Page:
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Curtis Hanson (1945-2016)

September 21, 2016

I was saddened to learn this morning of the death of film director and screenwriter Curtis Hanson. Hanson will forever be remembered for adapting (with Brian Helgeland) and directing the big screen adaptation of James Ellroy’s novel L.A. Confidential. Hanson had already built a reputation as a director with a brilliant grasp of genre with the thrillers The Hand that Rocks the Cradle (1992) and The River Wild (1994), before he began work on adapting what is perhaps Ellroy’s most complicated novel. Ellroy himself had said of L.A. Confidential:

I knew my book was movie-adaptation-proof. The motherfucker was uncompressible, uncontainable, and unequivocally bereft of sympathetic characters. it was unsavoury, unapologetically dark, untameable, and altogether untranslateable to the screen.

But for Hanson it was a labour of love, he said of Ellroy’s fiction:

Many find Ellroy’s novels unremittingly dark. I don’t. His humor and strength of personality shine through. He’s a survivor. Whether he intends it or not, that strength of spirit illuminates even the darkest of his nightmare visions.

The screenplay took some major deviations from the novel, all for the better in my opinion, making the narrative more linear and comprehensible for the screen. The fate of Jack Vincennes is completely different in the film than it is the novel, but rightly so as I’ll never forget the shock I felt the first time I saw the kitchen scene with Vincennes (Kevin Spacey) and Dudley Smith (James Cromwell), where Spacey fatefully whispers ‘Rollo Tomasi’.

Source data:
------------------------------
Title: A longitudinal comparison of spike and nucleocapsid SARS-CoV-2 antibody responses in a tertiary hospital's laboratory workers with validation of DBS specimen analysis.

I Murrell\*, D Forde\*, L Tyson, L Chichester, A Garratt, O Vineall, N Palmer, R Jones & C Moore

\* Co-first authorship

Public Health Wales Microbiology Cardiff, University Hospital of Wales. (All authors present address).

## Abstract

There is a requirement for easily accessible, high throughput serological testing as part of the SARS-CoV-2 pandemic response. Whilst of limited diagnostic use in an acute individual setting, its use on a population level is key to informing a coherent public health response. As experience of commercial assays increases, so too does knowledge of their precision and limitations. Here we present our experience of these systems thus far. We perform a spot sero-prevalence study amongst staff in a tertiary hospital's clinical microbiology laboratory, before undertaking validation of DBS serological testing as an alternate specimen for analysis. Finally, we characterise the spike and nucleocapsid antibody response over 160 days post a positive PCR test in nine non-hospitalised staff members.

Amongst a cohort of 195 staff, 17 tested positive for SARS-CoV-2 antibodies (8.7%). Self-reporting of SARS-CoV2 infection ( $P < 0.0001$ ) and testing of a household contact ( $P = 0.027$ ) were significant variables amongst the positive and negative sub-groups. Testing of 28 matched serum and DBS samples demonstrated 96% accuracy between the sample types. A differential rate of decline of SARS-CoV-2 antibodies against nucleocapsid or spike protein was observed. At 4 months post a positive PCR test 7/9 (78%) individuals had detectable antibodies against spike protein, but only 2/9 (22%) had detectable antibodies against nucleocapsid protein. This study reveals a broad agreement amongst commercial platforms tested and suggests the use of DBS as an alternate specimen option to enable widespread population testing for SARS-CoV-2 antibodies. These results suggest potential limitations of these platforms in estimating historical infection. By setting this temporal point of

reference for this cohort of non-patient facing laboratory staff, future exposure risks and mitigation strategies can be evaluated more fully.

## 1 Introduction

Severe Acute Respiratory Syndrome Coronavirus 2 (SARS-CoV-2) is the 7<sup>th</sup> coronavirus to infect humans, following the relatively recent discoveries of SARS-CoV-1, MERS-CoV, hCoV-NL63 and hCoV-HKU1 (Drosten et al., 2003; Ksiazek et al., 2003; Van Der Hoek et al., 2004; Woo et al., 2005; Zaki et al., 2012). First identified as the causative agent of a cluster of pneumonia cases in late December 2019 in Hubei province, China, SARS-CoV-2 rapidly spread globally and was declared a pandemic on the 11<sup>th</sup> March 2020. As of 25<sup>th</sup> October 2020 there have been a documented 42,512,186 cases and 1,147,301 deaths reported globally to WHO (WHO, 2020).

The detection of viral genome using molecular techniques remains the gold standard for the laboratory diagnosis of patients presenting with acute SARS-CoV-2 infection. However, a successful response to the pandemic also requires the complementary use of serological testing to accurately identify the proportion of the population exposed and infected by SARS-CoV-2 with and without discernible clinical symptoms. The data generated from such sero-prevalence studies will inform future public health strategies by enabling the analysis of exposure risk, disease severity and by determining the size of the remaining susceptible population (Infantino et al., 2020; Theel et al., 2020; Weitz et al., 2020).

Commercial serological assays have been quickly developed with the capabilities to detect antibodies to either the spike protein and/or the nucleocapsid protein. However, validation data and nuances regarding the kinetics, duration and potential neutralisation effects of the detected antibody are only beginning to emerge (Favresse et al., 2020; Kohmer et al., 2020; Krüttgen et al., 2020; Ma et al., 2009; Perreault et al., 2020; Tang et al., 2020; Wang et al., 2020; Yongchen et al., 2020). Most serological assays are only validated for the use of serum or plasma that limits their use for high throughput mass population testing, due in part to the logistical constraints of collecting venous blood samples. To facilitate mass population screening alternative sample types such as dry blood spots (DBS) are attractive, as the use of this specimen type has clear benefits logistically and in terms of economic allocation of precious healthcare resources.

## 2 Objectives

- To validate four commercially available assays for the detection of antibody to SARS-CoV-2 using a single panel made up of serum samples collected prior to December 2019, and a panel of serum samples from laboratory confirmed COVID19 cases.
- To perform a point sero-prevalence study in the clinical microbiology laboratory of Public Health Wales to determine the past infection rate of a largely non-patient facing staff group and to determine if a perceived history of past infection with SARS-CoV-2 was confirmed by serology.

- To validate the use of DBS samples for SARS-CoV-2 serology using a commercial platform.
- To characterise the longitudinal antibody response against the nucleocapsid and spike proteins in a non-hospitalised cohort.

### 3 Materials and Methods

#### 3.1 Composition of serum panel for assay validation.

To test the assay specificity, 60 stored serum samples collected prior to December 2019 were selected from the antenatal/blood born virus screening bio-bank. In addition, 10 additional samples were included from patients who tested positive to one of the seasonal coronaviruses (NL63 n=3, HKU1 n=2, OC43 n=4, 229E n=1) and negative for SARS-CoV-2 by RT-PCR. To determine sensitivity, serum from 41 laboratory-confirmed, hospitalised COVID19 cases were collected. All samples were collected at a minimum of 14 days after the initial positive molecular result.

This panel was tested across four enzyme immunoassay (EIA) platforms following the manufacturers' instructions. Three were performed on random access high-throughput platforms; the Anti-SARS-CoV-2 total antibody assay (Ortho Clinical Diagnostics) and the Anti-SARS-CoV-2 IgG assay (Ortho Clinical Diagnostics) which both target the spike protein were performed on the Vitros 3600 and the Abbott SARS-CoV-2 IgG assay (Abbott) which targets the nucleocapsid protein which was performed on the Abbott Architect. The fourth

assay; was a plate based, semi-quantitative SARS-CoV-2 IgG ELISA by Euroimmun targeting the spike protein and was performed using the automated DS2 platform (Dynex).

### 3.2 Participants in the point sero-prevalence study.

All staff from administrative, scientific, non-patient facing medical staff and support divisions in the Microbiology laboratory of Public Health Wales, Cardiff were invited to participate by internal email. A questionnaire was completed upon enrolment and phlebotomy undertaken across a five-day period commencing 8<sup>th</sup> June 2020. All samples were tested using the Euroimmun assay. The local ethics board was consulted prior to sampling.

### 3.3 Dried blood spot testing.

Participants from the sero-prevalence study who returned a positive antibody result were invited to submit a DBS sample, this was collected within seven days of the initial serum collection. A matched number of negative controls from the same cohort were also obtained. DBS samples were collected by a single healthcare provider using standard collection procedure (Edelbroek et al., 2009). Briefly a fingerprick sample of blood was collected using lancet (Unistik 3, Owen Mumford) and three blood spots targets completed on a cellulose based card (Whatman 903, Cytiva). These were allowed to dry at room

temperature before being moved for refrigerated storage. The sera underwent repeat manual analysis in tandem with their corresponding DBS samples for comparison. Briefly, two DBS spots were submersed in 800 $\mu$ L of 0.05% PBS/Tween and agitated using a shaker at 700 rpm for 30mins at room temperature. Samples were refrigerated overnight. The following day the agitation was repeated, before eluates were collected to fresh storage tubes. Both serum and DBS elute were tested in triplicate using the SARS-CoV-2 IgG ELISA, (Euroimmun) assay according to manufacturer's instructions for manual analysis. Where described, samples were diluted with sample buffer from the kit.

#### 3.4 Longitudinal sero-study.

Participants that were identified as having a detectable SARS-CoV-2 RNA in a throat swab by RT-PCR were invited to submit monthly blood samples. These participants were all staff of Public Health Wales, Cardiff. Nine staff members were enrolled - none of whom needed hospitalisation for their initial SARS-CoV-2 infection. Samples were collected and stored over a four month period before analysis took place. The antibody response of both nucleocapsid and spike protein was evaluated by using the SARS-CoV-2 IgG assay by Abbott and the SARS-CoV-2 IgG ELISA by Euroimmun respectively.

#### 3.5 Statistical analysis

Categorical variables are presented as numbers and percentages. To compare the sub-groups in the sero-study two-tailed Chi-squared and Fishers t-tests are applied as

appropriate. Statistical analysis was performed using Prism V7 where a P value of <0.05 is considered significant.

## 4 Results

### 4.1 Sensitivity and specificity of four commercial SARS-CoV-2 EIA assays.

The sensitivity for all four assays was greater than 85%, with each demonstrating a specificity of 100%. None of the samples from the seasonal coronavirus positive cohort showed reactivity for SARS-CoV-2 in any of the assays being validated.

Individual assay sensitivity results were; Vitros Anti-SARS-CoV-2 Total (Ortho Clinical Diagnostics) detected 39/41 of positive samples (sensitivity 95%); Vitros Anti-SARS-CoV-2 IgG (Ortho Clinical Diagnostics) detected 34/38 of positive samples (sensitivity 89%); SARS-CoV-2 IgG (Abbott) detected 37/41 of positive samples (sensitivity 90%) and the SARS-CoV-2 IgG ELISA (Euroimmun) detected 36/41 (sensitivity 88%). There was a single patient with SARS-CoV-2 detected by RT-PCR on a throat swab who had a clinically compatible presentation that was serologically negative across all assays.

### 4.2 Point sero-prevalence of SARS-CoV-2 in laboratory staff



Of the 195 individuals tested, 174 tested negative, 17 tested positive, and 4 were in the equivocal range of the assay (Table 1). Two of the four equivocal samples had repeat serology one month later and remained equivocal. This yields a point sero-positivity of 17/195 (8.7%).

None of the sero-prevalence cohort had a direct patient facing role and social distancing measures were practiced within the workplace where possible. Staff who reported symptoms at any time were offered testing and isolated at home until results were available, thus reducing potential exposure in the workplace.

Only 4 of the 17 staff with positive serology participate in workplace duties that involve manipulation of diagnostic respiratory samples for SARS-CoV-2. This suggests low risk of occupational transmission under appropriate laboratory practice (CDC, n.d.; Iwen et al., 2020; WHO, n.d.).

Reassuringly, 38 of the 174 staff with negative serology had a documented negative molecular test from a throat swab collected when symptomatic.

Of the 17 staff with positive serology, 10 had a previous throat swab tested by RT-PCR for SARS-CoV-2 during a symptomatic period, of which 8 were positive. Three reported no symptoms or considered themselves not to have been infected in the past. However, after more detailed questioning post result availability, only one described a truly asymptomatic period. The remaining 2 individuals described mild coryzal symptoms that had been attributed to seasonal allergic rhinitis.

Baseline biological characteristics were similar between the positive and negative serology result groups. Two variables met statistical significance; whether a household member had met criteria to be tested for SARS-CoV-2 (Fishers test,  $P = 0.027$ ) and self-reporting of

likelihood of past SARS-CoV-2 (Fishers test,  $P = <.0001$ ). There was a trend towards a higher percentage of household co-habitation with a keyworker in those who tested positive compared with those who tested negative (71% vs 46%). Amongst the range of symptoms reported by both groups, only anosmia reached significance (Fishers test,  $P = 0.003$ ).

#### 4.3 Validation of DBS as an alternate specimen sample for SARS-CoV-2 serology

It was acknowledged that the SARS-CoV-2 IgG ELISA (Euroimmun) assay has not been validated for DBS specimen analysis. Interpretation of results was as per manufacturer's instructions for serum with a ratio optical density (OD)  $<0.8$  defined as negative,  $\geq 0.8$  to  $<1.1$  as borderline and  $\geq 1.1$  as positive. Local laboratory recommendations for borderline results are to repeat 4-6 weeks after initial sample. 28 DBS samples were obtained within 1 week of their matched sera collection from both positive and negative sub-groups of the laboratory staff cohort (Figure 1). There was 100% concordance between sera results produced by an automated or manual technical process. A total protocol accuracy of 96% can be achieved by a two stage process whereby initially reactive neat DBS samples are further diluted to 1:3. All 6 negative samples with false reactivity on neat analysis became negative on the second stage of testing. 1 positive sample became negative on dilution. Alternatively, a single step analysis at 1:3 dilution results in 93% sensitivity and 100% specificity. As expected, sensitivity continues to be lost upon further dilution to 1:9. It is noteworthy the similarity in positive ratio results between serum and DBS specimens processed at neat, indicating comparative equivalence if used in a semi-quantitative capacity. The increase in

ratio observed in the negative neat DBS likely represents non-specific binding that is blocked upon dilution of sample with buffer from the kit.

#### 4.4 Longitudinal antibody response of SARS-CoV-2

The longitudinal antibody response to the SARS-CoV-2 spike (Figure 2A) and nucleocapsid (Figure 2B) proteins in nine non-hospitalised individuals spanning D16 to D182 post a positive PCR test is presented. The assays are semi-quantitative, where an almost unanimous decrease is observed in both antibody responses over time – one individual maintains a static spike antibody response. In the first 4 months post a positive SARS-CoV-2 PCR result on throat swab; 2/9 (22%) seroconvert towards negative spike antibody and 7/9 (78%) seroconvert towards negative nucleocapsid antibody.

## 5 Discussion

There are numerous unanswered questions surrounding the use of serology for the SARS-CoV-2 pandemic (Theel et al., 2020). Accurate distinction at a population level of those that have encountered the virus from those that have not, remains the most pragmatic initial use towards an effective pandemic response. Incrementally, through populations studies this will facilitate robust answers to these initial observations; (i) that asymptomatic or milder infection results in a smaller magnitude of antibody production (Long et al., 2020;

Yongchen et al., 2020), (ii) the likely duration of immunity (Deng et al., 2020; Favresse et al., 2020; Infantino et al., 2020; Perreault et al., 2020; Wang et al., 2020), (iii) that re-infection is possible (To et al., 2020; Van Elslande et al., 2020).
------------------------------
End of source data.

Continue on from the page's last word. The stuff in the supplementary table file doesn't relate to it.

It’s worth noting too that every time I watched an interview with Hanson I was struck by how kind and even-tempered he sounded, completely destroying the myth that the best directors are tyrants who have to mentally torture their actors to get the best performances. I imagine he was a joy to work with.

ellroy-hanson-guy-pierce

Curtis Hanson with Guy Pearce and James Ellroy

Hanson and Helgeland won an academy award for their screenplay adaptation of LA. Confidential, but shamefully the bauble for Best Picture that year went to James Cameron’s hammily acted, drearily written and thoroughly waterlogged Titanic. Hanson never quite matched the success of L.A. Confidential with his later films, but lets face it who could? I would highly recommend his comedy-drama Wonder Boys (2000), a charming but incisive portrayal of academe which has a blink and you’ll miss it cameo from Ellroy.

In any event if Curtis Hanson had never made another movie L.A. Confidential would still have been a big enough achievement for a lifetime. He took Ellroy’s unfilmable novel and turned it into a neo-noir masterpiece and one of the best crime films of all time. I’ll be watching it tonight for the umpteenth time in tribute to him, and perhaps I might feel a slight lump in my throat when  Lynn Bracken (Kim Basinger) whispers in that irresistibly sexy voice ‘Some men get the world. Others get ex-hookers and a trip to Arizona.’

Thank you Curtis Hanson.

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